How can money be rising in value as confidence in it collapses...?
2011's FIRST U.S. debt downgrade came after Washington failed to fix the debt ceiling one way or the other, writes Adrian Ash at BullionVault.
Three months later, and Washington just failed again. Yet that first downgrade of summer also saw 10-year Treasury yields fall to 3.0% as US debt prices rose. And today, with a second downgrade from the credit rating agencies now looming, that yield is already down below 2.0%.
How come? Why is the financial world piling into US debt – driving its price higher – even as the security of that very debt risks being de-rated further below the magic risk-free AAA mark?
"Most risk and return models in finance start off with an asset that is defined as risk free," according to an NYU professor. "The expected returns on risky investments are then measured relative to the risk-free rate." The loss of "risk free" as a concept thus plays hell with Wall Street's investment confidence, let alone its models.
Pricing stock-market options using the Black Scholes equation, for instance, starts by assuming that "it is possible to borrow and lend cash at a known constant risk-free interest rate." Remove the "risk free rate", and things fall apart faster than Long Term Capital Management, the hedge fund built on Black-Scholes' model, which collapsed when the world changed but the equation didn't.
More urgently for that 99% of us outside Wall Street and the City, messing with the concept of "risk free rate" also plays havoc with the insurance and banking businesses. "A reduction in the risk-free rate increases lending profitability by reducing funding costs and increasing the surplus the monopolistic bank extracts from borrowers," the IMF explains. "Insurance contract cash flows...are discounted using a locked-in discount rate determined at inception date," say consultants at PwC, "[calculated as] the risk-free rate plus liquidity premium."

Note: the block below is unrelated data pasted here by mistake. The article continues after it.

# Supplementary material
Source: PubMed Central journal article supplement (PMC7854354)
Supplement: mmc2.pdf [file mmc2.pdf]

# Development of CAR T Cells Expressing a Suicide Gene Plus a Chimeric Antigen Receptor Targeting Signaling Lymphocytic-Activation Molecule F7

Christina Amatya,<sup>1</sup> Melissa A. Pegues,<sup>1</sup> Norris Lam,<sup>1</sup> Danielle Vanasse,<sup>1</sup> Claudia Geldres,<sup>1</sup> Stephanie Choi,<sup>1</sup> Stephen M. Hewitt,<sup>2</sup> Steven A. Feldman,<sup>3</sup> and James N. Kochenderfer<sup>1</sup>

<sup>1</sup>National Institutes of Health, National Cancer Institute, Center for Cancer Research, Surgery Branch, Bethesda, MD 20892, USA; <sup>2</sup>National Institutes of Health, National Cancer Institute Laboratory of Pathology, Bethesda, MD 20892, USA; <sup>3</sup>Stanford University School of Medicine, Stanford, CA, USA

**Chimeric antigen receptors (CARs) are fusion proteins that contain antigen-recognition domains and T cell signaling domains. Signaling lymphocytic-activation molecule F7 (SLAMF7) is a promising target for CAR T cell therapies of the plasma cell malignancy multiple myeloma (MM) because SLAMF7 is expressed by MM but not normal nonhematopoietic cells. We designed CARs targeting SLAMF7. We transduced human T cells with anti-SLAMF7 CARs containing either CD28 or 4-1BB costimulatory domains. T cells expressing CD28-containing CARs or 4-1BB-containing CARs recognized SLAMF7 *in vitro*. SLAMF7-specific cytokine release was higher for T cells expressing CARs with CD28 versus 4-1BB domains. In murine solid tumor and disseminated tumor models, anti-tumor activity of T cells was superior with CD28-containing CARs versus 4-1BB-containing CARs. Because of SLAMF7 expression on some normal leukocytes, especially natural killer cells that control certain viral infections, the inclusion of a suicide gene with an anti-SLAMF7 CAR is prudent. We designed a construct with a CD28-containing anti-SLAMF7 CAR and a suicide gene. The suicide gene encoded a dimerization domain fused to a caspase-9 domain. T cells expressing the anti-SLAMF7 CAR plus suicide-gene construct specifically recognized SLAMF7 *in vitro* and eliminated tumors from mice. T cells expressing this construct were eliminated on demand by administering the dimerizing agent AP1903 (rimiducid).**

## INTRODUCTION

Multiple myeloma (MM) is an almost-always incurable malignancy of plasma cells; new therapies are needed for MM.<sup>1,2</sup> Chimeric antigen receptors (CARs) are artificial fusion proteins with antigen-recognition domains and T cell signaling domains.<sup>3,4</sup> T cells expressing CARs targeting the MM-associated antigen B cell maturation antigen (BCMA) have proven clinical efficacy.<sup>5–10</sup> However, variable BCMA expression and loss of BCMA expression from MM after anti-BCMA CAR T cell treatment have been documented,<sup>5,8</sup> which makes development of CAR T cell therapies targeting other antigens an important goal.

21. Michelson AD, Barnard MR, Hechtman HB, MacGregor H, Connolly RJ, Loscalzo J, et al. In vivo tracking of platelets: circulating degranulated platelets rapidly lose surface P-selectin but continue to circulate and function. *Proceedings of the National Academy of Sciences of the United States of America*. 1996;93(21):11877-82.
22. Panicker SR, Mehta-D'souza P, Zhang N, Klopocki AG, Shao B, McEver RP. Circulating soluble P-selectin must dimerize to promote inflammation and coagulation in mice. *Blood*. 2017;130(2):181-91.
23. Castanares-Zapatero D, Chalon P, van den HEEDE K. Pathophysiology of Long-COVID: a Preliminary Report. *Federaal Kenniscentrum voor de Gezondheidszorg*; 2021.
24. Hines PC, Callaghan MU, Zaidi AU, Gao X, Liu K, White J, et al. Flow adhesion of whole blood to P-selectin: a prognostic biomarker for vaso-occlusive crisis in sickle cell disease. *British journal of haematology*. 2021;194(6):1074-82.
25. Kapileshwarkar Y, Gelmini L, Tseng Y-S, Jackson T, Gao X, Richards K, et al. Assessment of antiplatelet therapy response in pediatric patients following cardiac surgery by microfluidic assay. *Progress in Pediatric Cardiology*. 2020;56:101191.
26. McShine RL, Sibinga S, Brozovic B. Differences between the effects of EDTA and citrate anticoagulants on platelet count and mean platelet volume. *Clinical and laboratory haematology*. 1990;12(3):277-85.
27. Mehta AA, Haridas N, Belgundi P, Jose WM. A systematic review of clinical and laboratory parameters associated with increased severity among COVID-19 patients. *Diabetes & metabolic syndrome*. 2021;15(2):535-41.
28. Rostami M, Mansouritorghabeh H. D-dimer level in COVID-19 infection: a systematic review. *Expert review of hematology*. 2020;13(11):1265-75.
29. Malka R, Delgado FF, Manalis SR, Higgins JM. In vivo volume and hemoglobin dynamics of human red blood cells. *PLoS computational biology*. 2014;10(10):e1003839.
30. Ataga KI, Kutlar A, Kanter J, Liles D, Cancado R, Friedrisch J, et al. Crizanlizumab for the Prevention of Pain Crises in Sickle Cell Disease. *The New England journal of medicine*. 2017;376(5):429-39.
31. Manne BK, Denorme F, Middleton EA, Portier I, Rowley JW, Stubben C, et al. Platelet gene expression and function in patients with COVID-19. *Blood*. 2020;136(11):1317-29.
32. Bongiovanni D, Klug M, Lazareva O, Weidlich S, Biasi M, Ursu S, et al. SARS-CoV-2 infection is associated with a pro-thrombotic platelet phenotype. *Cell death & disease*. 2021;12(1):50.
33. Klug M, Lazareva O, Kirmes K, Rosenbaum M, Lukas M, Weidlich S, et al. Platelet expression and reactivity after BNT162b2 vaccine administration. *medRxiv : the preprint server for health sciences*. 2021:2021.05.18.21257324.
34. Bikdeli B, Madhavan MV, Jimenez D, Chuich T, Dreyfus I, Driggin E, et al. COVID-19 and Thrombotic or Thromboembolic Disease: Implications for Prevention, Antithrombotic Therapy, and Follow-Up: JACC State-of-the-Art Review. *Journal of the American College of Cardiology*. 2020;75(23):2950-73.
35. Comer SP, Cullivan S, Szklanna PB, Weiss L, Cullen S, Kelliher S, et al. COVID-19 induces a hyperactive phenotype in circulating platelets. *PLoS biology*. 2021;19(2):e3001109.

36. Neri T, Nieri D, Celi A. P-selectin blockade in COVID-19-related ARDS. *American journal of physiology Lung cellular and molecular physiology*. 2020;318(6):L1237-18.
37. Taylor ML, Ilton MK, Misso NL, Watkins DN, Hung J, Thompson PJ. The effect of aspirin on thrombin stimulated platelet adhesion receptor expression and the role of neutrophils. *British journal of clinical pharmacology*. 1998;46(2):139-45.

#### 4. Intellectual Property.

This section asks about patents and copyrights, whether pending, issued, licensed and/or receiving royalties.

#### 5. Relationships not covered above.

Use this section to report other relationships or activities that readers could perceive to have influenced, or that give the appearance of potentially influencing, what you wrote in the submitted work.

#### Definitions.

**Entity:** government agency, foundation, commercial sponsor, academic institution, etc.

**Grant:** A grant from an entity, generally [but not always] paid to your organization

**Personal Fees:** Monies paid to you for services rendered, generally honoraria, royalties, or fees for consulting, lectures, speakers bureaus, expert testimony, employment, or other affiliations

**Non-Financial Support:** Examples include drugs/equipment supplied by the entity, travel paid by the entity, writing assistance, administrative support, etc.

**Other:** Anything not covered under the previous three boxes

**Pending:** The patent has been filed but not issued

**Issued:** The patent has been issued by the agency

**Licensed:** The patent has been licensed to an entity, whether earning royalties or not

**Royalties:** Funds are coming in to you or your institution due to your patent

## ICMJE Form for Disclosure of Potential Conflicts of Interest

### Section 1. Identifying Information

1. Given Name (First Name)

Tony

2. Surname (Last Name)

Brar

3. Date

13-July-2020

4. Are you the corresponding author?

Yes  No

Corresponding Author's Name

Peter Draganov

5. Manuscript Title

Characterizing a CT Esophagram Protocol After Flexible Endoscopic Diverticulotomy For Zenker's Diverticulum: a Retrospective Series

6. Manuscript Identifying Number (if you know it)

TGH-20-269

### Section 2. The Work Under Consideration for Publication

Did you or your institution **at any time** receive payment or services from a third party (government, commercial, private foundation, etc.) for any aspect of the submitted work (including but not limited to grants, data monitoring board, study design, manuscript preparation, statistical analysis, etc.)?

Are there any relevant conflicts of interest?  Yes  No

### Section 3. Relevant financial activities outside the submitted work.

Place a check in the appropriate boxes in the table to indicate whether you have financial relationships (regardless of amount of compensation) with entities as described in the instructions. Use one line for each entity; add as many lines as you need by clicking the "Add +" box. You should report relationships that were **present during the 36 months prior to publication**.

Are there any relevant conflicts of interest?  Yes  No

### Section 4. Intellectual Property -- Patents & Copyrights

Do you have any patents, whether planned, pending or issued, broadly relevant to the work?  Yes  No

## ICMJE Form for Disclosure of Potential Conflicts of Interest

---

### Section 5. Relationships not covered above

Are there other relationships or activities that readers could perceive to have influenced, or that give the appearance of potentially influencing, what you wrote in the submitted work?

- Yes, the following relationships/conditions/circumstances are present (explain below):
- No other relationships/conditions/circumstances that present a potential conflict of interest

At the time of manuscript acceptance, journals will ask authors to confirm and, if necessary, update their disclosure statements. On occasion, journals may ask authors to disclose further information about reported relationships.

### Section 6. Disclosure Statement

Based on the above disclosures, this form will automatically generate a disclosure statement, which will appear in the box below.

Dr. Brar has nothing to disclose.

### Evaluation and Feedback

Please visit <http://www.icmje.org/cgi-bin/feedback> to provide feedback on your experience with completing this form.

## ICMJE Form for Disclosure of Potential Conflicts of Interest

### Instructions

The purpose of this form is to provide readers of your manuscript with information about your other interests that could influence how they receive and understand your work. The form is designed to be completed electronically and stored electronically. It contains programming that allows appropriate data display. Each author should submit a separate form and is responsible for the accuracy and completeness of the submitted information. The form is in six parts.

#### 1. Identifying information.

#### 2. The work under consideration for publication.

So no risk-free rate, no baseline for banks or insurers, those multi-trillion-dollar industries pervading pretty much every deal, order and purchase you can think of today outside the black economy. But even cash-only gangsters aren't free of the crisis hitting the financial world's only other competitor for the role of "risk-free" reference point. Because in Eurozone bonds, the very denomination itself is now in question.
"Reintroducing the national currency would require essentially all contracts – including those governing wages, bank deposits, bonds, mortgages, taxes, and most everything else – to be redenominated in the domestic currency," warned economics professor Barry Eichengreen of Eurozone break-up in 2010. The currency historian thought this hurdle was "insurmountable"; no member state would quit the Euro because the procedural obstacles were too great.
"Exit is effectively impossible." But in reality? It will be a real mess – a big, ugly, deflationary mess in which lending collapses and trading grinds to a halt.
Irony guarantees that we get the word "crisis" from the Greek, of course, via the Romans. Transliterated with a "k", it means "decision, judgement, event, issue, turning-point of a disease" according to the Shorter Oxford Dictionary – and that monetary madness which is the Euro has certainly reached one fork in the road or another.